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Sunday, July 14, 2024

What is that noise my dog is making?



What is that noise my dog is making?

Dana Dietrich, DVM
Emergency Veterinarian


Reverse sneezing is an unsettling event in which a dog makes loud respiratory sounds that sound like it is having trouble breathing or choking. It is termed a reverse sneeze, because it sounds like the dog is rapidly pulling air into the nose, whereas in a ‘regular’ sneeze, the air is rapidly pushed out through the nose.  Reverse sneezing, although scary to witness, is a simple condition that usually does not need any treatment. The sound the dog makes can be so scary that many owners have rushed in a panic to emergency clinics in the middle of the night.

sneezing dogThe most common cause of reverse sneezing is an irritation of the soft palate and throat which results in a spasm. During a reverse sneeze, the dog will make rapid and long inhalations, stand still, and extend his head and neck. A loud snorting sound is produced, which may make you think the dog has something caught in his nose or throat.

Anything that irritates the throat can cause this spasm and subsequent sneeze. Causes include excitement, eating or drinking, exercise intolerance, pulling on a leash, mites, pollen, foreign bodies caught in the throat, perfumes, viruses, household chemicals, allergies, and post-nasal drip. If an irritant in the house is the cause, taking the dog outside can help simply because the dog will no longer be inhaling the irritant. Brachycephalic dogs (those with flat faces, such as Pugs and Boxers) can have respiratory sounds similar to a reverse sneeze but may be a sign of a respiratory problem, such as an elongated soft palate. In these cases, the dogs should be examined by a veterinarian.  Small dogs are particularly prone to reverse sneezing, possibly because they have smaller throats.

Reverse sneezing itself rarely requires treatment. A reverse sneezing episode can last for several seconds to a minute. When the sneezing stops, the spasm is over. Since episodes of reverse sneezing can make your dog anxious, it’s important that you remain calm. If you feel the need to do something for your dog, you can try massaging the throat to stop the spasm.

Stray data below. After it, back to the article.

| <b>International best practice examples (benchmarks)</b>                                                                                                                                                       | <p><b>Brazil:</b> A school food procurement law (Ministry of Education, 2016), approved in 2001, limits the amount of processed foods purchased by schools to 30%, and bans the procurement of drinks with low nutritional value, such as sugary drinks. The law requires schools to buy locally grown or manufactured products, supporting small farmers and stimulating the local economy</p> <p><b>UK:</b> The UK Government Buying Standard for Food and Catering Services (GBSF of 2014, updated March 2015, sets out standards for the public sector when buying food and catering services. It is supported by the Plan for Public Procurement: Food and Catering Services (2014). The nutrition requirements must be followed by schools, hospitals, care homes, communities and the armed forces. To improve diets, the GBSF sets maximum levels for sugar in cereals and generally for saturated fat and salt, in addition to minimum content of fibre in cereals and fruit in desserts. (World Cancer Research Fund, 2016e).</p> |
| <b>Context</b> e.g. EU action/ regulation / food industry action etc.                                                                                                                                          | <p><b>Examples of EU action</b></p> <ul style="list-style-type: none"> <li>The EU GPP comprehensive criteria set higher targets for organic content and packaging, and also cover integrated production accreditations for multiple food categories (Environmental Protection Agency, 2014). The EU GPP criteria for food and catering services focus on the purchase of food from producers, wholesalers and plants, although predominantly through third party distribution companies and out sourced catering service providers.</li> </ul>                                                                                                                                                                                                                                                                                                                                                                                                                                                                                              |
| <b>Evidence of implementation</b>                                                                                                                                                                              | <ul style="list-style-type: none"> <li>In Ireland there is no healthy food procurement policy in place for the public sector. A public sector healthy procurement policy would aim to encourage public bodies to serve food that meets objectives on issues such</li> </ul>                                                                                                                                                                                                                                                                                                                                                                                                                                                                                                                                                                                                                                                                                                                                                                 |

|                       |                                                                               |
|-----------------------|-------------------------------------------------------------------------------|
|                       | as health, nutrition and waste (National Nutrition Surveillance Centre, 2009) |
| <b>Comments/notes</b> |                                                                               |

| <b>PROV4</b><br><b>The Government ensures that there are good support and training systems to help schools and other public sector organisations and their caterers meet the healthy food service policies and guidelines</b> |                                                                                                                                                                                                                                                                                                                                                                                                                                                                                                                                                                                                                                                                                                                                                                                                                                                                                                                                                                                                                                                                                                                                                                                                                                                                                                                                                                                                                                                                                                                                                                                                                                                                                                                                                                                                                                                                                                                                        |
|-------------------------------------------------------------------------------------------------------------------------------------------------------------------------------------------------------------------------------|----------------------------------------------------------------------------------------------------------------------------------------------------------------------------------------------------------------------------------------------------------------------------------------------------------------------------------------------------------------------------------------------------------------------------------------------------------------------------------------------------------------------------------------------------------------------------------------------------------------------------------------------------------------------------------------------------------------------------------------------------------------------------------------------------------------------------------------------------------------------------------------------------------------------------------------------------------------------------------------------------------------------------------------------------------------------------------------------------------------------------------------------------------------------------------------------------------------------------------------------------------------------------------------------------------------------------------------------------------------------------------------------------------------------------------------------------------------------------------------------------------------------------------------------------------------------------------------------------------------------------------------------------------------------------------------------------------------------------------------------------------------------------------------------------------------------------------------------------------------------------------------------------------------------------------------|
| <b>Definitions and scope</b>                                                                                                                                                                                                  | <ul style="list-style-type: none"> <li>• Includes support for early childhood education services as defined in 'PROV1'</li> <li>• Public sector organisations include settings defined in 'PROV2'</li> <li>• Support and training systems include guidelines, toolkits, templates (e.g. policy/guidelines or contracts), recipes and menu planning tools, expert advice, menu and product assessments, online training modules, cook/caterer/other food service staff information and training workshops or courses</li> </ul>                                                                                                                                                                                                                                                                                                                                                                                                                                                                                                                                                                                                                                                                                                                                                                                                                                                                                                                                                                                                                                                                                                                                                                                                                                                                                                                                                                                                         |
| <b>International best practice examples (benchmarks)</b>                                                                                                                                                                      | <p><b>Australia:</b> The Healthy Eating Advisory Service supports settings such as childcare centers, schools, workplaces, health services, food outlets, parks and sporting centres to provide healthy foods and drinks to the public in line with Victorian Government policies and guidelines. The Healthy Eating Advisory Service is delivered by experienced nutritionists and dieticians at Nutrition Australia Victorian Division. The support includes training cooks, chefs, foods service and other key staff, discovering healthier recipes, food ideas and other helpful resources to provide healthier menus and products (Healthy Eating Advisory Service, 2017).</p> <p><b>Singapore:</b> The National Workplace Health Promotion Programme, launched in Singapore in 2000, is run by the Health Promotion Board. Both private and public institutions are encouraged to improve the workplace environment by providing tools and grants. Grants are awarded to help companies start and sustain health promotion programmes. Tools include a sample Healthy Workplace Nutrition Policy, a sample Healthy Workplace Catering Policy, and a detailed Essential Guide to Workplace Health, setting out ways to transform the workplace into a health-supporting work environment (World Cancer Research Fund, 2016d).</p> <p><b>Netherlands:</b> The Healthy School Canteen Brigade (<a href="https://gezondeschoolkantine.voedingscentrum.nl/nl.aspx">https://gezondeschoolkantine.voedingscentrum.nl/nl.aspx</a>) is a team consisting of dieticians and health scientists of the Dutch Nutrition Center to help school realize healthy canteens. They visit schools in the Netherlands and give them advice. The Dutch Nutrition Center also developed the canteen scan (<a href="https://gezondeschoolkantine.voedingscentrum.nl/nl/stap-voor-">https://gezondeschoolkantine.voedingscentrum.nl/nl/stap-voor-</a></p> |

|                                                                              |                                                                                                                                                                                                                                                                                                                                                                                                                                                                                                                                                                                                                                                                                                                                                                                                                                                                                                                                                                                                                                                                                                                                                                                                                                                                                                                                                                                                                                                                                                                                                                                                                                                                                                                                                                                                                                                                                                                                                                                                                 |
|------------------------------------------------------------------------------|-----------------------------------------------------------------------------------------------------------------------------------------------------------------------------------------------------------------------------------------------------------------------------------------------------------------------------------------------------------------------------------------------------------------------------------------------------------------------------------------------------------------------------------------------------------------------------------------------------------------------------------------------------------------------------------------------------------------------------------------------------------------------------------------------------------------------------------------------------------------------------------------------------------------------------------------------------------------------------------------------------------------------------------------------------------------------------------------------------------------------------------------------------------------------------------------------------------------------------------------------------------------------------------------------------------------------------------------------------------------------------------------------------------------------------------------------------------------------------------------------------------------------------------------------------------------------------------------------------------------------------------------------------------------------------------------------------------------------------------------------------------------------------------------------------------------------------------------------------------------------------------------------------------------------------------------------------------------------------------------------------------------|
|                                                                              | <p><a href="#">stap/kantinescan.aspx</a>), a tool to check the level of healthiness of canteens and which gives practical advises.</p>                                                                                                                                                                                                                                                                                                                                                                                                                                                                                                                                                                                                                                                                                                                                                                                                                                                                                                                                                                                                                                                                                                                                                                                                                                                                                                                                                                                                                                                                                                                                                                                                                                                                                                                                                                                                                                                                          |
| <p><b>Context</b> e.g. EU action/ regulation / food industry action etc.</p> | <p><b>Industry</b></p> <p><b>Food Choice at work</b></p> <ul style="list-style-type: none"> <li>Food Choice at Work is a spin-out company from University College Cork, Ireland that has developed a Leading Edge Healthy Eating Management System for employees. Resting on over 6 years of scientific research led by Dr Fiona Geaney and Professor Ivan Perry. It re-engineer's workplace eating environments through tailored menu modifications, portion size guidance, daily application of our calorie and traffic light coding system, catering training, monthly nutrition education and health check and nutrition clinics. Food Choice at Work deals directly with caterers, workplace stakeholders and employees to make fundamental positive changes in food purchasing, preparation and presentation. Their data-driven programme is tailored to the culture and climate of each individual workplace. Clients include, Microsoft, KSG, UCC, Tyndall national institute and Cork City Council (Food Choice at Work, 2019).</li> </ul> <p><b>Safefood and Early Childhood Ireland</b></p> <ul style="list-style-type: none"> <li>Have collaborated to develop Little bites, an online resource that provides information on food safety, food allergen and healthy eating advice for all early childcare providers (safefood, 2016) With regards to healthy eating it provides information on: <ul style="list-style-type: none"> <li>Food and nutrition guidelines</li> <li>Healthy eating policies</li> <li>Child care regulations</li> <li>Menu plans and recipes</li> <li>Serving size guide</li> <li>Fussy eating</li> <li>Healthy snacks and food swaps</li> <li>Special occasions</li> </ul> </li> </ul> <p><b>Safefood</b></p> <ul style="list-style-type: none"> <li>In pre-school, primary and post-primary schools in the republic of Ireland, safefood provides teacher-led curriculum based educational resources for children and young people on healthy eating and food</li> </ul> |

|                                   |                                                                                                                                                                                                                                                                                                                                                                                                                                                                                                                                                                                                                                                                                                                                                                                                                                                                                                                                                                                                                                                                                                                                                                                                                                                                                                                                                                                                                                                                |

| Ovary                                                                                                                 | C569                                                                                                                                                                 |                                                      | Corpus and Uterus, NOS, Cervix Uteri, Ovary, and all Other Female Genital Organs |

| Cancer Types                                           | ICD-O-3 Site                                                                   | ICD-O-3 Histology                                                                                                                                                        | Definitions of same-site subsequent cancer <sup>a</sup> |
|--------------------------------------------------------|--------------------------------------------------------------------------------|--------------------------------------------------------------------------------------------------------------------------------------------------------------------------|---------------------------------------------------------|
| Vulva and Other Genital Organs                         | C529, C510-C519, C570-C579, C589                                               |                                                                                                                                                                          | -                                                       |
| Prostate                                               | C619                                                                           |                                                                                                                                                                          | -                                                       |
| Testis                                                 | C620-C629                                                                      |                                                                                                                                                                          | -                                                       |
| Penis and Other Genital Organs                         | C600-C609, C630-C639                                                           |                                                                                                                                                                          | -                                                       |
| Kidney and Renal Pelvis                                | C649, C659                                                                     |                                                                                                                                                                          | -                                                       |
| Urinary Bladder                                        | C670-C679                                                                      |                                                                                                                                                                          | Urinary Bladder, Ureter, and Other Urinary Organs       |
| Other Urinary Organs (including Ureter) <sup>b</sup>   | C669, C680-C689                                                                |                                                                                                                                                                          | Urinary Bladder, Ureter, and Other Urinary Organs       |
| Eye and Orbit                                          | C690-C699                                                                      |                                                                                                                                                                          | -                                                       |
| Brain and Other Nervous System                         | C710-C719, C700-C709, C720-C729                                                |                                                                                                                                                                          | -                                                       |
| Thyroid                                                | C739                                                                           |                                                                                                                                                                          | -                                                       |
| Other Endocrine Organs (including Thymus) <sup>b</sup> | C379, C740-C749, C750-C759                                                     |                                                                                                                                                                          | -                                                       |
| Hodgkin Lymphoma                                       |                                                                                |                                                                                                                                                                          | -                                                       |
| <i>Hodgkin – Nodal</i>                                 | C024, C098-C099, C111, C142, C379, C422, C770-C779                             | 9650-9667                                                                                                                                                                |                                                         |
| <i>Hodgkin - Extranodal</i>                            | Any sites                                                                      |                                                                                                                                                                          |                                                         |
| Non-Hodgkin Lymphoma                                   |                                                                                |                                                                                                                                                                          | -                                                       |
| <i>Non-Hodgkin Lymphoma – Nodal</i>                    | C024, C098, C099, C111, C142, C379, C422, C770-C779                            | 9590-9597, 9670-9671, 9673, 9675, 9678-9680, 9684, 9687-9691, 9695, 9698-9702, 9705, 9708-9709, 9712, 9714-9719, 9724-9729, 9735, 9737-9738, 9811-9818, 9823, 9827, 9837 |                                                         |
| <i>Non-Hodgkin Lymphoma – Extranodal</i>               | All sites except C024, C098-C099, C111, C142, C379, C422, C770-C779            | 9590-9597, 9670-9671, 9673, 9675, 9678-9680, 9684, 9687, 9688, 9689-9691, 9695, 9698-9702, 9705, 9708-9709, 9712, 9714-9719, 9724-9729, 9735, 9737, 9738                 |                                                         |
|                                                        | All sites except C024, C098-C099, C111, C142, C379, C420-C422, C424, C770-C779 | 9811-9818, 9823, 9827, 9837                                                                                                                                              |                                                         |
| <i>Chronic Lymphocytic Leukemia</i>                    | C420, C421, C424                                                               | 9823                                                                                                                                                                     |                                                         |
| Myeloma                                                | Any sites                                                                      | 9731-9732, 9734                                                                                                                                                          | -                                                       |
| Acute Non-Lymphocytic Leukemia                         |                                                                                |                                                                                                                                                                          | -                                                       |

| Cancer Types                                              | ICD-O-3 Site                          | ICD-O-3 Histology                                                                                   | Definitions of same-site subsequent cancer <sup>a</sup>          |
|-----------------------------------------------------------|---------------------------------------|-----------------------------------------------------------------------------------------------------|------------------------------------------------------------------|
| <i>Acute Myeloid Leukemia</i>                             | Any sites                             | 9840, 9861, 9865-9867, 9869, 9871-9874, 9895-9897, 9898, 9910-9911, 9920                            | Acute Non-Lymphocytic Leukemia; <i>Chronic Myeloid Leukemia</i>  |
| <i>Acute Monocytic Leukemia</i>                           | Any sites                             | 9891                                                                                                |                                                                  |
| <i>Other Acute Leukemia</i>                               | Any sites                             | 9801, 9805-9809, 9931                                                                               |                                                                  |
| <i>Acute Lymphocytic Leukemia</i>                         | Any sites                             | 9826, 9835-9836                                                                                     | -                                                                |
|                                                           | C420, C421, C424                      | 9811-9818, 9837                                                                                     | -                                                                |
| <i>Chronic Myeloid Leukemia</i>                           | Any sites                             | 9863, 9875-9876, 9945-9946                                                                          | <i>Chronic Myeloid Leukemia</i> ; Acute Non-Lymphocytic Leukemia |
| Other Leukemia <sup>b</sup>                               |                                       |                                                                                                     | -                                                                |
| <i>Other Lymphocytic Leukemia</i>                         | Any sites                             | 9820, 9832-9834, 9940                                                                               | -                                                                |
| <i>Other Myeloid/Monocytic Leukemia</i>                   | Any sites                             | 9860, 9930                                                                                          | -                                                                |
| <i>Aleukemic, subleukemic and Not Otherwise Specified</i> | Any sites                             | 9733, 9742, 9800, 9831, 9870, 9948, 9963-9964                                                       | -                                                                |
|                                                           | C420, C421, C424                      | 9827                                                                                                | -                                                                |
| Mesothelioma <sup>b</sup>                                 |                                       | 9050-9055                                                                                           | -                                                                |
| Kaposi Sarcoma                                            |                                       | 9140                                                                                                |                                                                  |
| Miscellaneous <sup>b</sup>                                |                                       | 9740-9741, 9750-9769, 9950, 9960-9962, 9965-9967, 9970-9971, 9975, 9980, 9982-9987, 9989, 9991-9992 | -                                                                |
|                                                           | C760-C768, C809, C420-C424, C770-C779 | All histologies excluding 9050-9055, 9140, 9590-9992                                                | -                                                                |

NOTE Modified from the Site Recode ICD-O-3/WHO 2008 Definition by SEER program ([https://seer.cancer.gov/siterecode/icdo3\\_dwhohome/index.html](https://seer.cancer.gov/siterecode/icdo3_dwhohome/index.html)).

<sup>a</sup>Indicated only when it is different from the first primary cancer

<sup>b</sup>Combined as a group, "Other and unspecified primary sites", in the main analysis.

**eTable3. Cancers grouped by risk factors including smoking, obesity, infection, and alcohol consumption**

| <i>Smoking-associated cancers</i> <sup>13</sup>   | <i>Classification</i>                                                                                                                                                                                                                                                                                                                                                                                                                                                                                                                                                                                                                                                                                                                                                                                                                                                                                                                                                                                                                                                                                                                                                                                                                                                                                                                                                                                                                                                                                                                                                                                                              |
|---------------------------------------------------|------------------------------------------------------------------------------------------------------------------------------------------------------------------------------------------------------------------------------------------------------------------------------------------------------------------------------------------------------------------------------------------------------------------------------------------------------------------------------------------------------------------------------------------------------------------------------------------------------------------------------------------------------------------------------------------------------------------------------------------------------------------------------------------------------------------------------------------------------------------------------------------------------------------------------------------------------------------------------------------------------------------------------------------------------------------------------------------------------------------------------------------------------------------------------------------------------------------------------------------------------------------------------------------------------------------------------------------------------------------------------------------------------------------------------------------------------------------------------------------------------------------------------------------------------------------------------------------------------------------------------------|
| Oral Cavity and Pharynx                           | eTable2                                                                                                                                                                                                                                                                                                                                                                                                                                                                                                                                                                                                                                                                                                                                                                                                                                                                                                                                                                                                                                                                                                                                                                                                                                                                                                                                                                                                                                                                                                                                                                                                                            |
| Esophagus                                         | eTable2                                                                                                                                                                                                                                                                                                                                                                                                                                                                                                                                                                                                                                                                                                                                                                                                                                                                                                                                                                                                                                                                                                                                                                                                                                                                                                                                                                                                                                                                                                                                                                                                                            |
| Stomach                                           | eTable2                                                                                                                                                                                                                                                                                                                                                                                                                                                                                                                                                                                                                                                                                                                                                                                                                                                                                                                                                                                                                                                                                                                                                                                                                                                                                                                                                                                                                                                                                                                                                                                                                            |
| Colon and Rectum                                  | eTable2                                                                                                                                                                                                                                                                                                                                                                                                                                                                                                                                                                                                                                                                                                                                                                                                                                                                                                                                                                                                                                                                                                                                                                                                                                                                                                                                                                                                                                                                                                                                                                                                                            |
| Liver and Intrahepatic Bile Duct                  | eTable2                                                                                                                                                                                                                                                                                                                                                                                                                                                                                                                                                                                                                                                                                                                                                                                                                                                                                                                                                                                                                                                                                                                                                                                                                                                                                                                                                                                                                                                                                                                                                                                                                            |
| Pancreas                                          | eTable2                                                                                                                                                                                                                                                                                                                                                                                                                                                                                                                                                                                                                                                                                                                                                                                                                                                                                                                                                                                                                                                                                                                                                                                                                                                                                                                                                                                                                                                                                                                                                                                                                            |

Treatment of the underlying cause, if known, is useful. If parasites, such as mites, are in the throat area, your veterinarian may use drugs to get rid of the mites. If allergies are the root of the problem, your veterinarian may prescribe antihistamines. You can keep track of when your pet reverse sneezes and what he’s doing right as it happens, to try and figure out the triggers and work to avoid them.  Because reverse sneezing is not a severe problem, do not worry about leaving your dog home alone; if it occurs when you’re not there, the episode will most likely end on its own.

If reverse sneezing becomes a chronic problem rather than an occasional occurrence, your veterinarian may need to look up the nasal passages (rhinoscopy), and may even need to take a biopsy to determine the cause of the problem. Sometimes, however, no cause can be identified.

Some dogs have these episodes their entire lives; some dogs develop the condition only as they age. In most dogs, however, the spasm is a temporary problem that goes away on its own, leaving the dog with no after-effects.

If you are unsure if your dog is reverse sneezing, the dog should be evaluated by a veterinarian to make sure a more serious condition or a life threatening event is not happening.  If you do have your dog evaluated by a veterinarian a brief video of the event should be taken to help your veterinarian determine if the dog was reverse sneezing.

Cats are much less likely to reverse sneeze than dogs are.  However, owners should always have a veterinarian examine the cat in case the respiratory sounds are caused by other, more serious breathing problems, and not a reverse sneeze.


Dr. Dana Dietrich is an Emergency Veterinarian at Aspen Meadow Veterinary Specialists. AMVS is a 24-hour veterinary facility providing specialty internal medicine, orthopedic surgery, oncology, emergency, critical care, and pain management. They are located in Longmont at 104 S. Main St. For more information, go to www.AspenMeadowVet.com.

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